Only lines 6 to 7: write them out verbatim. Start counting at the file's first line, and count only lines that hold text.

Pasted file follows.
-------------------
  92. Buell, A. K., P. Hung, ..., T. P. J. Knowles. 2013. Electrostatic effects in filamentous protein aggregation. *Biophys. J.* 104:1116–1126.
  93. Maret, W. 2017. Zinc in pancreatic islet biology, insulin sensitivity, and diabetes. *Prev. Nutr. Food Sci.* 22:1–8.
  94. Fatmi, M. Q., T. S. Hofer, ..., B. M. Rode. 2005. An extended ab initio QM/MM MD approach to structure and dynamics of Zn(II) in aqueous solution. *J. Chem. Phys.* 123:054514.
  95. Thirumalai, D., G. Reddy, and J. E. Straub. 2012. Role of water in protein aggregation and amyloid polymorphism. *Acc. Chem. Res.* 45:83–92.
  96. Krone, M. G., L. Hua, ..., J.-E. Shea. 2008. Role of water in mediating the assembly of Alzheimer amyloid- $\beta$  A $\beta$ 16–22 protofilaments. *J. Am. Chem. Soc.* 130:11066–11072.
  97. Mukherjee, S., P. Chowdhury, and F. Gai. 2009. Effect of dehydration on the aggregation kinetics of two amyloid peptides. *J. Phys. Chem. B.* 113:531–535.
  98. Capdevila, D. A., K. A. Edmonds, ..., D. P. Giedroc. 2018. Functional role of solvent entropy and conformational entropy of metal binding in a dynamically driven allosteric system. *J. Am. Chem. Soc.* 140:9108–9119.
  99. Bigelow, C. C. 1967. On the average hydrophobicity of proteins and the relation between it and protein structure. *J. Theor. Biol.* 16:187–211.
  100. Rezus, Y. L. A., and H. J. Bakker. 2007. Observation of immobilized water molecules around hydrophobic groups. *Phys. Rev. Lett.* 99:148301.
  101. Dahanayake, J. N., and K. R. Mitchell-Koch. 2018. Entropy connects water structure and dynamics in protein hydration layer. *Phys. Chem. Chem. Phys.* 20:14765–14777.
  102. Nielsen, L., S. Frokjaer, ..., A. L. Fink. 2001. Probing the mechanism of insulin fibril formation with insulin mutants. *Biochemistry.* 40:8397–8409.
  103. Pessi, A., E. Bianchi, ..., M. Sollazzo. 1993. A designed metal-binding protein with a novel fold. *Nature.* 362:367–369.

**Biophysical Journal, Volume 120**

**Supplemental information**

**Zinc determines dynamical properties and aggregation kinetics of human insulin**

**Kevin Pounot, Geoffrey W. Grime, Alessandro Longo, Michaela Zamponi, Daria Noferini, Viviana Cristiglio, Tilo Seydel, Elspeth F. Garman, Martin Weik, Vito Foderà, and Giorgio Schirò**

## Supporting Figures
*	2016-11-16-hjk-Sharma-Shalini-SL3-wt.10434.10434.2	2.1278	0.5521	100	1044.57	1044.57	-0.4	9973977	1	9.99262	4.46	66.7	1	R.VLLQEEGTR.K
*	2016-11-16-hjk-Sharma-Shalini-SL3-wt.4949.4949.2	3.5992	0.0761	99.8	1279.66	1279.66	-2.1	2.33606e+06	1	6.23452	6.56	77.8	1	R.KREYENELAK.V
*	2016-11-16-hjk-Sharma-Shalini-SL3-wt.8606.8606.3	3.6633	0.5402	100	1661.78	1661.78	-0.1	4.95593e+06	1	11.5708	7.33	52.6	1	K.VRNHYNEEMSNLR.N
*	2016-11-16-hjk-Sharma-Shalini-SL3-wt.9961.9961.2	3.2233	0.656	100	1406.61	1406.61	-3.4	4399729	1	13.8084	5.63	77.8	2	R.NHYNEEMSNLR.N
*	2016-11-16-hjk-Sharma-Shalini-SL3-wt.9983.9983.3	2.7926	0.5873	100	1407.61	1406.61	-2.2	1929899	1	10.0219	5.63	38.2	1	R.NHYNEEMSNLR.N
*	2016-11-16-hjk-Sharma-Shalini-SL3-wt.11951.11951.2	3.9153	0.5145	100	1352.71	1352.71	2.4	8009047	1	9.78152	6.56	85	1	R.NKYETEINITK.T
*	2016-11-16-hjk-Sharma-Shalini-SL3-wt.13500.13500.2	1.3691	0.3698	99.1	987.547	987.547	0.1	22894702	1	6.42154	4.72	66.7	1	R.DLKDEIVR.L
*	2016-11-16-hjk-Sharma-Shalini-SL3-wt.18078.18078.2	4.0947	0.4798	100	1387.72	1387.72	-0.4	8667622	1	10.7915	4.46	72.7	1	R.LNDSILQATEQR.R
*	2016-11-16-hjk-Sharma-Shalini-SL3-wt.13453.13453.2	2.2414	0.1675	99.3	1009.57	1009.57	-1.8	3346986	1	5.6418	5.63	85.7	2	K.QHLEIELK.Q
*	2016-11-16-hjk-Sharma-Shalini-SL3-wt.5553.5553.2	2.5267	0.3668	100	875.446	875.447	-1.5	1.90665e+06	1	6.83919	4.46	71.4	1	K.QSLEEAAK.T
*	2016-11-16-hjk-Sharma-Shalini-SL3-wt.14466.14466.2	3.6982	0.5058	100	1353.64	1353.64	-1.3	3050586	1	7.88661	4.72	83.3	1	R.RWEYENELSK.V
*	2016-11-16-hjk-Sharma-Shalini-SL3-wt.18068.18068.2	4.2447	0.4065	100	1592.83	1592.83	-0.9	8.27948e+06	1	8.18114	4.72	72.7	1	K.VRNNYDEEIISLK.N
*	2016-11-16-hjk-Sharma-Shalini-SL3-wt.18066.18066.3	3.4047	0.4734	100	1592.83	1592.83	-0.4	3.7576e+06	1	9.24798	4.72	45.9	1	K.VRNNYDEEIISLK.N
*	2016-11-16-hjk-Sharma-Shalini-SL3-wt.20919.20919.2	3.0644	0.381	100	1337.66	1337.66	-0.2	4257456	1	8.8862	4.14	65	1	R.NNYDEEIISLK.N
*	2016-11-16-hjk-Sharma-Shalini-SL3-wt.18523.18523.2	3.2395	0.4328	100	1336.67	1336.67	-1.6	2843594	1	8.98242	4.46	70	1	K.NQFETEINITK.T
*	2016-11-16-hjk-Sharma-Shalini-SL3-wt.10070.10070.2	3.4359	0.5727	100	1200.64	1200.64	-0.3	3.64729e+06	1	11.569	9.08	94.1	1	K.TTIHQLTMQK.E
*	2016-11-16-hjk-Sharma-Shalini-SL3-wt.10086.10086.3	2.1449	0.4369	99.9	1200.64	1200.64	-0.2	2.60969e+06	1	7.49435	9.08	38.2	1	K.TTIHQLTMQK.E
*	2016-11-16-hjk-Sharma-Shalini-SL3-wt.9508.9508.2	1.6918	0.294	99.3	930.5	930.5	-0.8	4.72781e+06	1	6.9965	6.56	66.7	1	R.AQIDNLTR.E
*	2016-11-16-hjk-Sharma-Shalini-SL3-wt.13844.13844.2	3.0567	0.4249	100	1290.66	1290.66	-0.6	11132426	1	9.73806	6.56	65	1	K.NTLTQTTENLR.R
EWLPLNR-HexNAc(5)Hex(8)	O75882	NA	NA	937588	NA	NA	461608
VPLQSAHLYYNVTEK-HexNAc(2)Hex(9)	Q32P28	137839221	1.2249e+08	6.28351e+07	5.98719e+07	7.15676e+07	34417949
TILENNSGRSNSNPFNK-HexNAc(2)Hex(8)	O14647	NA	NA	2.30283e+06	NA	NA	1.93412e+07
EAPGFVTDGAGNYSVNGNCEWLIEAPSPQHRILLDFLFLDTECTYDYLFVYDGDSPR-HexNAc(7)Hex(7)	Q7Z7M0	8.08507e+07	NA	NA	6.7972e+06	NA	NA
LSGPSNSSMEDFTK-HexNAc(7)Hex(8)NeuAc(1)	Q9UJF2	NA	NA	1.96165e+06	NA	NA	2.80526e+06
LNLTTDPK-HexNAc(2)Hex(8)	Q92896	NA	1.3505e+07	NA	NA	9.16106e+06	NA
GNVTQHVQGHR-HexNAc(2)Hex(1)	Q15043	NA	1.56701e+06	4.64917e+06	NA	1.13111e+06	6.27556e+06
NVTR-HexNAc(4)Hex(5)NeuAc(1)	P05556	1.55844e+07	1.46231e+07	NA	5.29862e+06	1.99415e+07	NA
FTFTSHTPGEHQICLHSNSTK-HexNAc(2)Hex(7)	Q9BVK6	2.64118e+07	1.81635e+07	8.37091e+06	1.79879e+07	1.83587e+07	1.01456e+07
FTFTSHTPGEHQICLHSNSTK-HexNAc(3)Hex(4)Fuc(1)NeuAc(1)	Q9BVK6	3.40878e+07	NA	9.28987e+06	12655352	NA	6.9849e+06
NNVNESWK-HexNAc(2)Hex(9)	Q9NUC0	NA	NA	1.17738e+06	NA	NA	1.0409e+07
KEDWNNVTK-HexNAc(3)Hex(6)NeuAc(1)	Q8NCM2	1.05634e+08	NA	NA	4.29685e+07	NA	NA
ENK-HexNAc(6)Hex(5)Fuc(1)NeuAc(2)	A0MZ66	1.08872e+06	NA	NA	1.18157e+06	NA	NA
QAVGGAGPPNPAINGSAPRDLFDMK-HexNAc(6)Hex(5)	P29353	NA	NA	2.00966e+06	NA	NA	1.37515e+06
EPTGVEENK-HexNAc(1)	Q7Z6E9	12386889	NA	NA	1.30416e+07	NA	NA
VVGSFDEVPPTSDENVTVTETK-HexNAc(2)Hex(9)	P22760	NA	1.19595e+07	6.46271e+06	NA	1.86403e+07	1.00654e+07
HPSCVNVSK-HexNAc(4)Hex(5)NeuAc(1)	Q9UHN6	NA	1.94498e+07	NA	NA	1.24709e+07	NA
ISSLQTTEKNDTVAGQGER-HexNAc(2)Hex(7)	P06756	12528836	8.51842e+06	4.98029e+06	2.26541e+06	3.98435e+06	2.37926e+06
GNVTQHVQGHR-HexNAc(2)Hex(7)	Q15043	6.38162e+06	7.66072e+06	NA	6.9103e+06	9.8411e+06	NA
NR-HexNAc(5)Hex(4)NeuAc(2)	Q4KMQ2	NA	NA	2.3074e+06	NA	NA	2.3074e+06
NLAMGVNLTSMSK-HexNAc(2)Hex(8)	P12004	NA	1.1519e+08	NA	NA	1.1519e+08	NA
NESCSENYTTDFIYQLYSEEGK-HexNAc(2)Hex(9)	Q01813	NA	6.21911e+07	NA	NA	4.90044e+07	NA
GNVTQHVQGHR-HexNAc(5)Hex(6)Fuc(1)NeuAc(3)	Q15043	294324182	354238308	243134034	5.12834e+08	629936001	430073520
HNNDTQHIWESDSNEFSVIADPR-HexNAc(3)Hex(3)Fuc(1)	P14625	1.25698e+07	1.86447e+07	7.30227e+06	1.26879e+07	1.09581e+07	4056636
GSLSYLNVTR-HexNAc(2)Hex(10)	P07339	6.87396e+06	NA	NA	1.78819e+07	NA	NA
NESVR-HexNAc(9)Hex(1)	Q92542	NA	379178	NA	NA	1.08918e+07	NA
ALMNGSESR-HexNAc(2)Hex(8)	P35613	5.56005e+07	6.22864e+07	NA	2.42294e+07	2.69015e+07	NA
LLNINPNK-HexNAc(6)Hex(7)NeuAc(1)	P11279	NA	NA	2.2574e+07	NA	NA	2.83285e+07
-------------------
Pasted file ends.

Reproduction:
  97. Mukherjee, S., P. Chowdhury, and F. Gai. 2009. Effect of dehydration on the aggregation kinetics of two amyloid peptides. *J. Phys. Chem. B.* 113:531–535.
  98. Capdevila, D. A., K. A. Edmonds, ..., D. P. Giedroc. 2018. Functional role of solvent entropy and conformational entropy of metal binding in a dynamically driven allosteric system. *J. Am. Chem. Soc.* 140:9108–9119.